I recently had to call or email a client six times to settle a three-mouth outstanding bill. As a home-based business owner, one late bill was annoying and time-wasting rather than a catastrophic problem. For a business with 5–19 employees, late-paying clients can kill cash flow and the venture.

The biggest innovation barriers for business with 5–19 employees were “lack of access to additional funds” and “lack of skilled persons in any location”. A surprising finding was that only 45 per cent of all businesses surveyed reported at least one barrier to innovation.

And only 5 per cent of businesses said a barrier was “lack of access to knowledge or technology to enable development or introduction/implementation [of an innovation]”. It seems creating and introducing the idea is not as challenging as funding it and finding the right people.

These ABS statistics are not nearly as glamorous as rich lists and profiles of successful new ventures and their owners. But I’d bet that just understanding the key business performance and innovation barriers facing growing businesses adds as much value as any profile about an overnight success.

The reality is, few ventures are able to maintain high growth over long periods. Helping more emerging ventures burst through the main barriers, and framing government policy around the most important ones, is the key to a more entrepreneurial Australia.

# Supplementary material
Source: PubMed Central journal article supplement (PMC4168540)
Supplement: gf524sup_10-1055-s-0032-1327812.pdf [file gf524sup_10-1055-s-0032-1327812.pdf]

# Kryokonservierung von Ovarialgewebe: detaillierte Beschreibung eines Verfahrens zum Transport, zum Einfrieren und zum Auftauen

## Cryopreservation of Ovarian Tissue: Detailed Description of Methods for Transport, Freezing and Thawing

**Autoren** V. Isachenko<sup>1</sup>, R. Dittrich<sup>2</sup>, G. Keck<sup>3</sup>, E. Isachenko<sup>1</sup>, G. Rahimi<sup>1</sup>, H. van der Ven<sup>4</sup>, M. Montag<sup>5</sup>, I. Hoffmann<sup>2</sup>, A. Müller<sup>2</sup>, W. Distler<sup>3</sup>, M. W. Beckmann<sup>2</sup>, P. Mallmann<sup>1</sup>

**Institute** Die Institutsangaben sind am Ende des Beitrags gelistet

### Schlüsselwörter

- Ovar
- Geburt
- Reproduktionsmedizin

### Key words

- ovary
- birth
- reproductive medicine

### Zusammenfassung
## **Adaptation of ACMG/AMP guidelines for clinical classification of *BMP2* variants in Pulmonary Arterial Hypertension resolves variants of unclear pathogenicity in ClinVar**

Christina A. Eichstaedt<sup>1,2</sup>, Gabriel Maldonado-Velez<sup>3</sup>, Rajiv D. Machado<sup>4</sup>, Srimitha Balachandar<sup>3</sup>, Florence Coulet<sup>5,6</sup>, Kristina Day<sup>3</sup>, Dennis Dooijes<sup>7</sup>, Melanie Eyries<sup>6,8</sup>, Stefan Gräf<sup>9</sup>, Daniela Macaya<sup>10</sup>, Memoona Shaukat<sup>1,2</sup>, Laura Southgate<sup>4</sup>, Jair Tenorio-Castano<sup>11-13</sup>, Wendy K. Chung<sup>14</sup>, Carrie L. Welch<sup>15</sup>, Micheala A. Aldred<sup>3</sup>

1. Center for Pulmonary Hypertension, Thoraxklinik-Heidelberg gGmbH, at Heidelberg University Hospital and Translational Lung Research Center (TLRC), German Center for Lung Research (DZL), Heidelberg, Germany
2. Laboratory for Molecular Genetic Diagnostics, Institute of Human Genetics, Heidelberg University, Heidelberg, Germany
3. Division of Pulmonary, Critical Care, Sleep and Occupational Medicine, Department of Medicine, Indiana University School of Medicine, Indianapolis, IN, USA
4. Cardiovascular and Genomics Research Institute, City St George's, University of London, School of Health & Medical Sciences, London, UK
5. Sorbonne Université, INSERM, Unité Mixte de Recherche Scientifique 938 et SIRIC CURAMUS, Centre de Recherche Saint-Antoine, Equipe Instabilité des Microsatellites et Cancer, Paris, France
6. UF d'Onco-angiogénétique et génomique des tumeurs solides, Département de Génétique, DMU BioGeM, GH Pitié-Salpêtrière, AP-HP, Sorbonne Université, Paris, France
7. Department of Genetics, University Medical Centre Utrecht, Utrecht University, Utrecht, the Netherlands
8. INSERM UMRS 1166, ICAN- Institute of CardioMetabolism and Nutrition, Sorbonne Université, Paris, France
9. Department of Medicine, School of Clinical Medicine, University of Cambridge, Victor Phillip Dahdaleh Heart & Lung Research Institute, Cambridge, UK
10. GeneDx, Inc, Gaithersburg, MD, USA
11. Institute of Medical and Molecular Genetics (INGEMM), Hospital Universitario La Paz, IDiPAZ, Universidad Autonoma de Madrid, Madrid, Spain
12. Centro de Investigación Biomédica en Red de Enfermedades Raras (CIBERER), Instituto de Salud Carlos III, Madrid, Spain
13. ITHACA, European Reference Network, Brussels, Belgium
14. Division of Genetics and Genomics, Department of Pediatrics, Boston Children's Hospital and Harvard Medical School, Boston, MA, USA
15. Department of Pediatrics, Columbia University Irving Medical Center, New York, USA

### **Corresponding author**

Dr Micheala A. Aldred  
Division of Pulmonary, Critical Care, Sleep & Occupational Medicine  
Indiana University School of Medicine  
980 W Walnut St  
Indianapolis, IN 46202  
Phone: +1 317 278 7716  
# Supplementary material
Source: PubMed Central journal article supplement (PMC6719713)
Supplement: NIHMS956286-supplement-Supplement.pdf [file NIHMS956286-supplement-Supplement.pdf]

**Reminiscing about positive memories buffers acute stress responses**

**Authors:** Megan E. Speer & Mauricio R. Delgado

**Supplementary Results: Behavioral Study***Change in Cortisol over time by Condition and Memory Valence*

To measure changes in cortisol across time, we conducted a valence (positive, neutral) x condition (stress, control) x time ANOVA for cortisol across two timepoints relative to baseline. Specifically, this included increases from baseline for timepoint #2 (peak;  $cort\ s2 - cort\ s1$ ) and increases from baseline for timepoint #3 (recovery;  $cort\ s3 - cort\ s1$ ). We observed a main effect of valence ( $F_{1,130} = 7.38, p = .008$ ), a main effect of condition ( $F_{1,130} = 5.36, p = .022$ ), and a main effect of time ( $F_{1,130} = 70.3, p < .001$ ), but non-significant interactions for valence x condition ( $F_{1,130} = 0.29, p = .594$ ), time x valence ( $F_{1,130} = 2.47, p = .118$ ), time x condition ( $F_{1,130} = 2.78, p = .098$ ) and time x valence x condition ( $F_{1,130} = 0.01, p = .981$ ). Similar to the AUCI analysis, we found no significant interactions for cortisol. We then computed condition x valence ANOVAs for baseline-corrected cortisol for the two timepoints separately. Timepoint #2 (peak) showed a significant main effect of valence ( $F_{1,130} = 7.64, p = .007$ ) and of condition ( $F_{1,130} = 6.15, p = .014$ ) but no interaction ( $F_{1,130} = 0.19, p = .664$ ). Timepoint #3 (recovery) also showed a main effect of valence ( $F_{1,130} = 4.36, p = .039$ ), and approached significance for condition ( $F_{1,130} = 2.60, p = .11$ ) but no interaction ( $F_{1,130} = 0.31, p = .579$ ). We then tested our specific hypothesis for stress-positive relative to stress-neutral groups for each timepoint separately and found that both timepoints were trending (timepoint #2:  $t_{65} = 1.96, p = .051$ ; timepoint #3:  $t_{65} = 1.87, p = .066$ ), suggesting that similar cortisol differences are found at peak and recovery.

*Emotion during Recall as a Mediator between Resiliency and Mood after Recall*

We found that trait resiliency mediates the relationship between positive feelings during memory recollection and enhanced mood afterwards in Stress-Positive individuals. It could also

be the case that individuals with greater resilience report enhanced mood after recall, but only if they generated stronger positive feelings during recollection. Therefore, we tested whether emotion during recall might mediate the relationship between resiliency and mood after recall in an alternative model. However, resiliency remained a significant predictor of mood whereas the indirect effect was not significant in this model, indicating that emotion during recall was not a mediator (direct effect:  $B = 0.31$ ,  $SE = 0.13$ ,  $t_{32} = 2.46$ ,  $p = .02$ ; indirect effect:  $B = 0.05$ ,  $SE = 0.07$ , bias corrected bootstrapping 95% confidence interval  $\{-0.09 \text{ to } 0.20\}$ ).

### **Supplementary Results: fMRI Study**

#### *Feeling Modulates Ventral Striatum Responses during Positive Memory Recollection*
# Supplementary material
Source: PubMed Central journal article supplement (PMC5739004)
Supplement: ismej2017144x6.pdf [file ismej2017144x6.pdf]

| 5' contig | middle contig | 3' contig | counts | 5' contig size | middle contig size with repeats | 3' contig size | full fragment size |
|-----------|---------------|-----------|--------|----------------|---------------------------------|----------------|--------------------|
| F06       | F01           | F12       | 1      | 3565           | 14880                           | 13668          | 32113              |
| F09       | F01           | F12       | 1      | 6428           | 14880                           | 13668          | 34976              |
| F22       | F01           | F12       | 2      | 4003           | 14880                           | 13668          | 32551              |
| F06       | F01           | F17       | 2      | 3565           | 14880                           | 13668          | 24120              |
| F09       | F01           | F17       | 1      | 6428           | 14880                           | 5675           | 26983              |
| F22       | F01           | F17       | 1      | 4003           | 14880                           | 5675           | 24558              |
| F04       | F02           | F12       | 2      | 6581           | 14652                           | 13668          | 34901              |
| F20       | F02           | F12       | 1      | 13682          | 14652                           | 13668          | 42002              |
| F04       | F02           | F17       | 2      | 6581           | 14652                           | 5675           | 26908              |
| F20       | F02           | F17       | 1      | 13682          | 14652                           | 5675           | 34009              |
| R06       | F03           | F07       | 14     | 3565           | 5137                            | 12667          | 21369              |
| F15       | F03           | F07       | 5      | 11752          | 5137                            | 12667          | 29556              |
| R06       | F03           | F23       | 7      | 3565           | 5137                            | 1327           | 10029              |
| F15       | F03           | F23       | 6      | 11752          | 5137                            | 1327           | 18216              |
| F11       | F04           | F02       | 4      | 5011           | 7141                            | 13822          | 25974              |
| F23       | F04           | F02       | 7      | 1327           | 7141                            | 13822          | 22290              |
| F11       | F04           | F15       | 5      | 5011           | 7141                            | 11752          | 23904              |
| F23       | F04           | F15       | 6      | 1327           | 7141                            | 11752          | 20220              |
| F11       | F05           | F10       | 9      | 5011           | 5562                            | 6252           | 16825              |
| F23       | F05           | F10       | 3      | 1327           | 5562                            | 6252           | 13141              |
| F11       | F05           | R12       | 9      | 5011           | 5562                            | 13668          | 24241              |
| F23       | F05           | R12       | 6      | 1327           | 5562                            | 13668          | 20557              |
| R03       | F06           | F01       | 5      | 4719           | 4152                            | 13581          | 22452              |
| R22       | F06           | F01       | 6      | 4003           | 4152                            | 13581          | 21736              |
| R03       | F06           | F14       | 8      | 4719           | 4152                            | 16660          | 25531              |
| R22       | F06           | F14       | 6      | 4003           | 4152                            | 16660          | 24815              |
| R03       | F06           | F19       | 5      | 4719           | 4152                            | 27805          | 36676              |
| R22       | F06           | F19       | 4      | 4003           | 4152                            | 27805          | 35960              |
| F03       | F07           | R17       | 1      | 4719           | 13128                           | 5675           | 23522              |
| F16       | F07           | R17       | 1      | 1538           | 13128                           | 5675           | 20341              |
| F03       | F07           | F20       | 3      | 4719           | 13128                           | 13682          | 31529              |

1 comment so far

  • It would be interesting to find out what percentage of these smaller enterprises that struggle are actually truly innovative (thinking of the HBR definition of the four types of innovation here) as opposed to 'me too' firms.

    I cannot, for the life of me, figure out why in a city with a population of four million or so people it is so difficult to find suitable staff. Then again, it really depends upon the type of business and skill sets requires as well as the level of remuneration the company can provide.

    In respect to the three questions posed.....

    1. The barriers to innovation that I have experienced are first skepticism of the basic idea and then as you noted, a willingness not to invest in the idea, either financially or emotionally. Age is a big factor too.
    2. You can only go so far with an idea. Sooner or later it is fully formed and you either act upon it or let it slide. Execution can be tricky if you have no business experience, or not even a clue. I highly recommend making a business plan and seeking out a mentor to hold your hand as you begin your new enterprise.
    3. Much harder to manage a fast growing venture. If you have no plans for growth from the outset then it can be a run-away train. I highly recommend that when you do your business plan, have a good idea of how you want to grow your business and the avenues you want to explore as it grows. Identify future leaders in your business as soon as possible. Groom them, mentor them and imbue them with your companies core values. As the business explodes, be prepared to ease up on the reigns and delegate responsibility.

    Commenter
    Neil Penny
    Location
    Singapore
    Date and time
    September 20, 2012, 10:23PM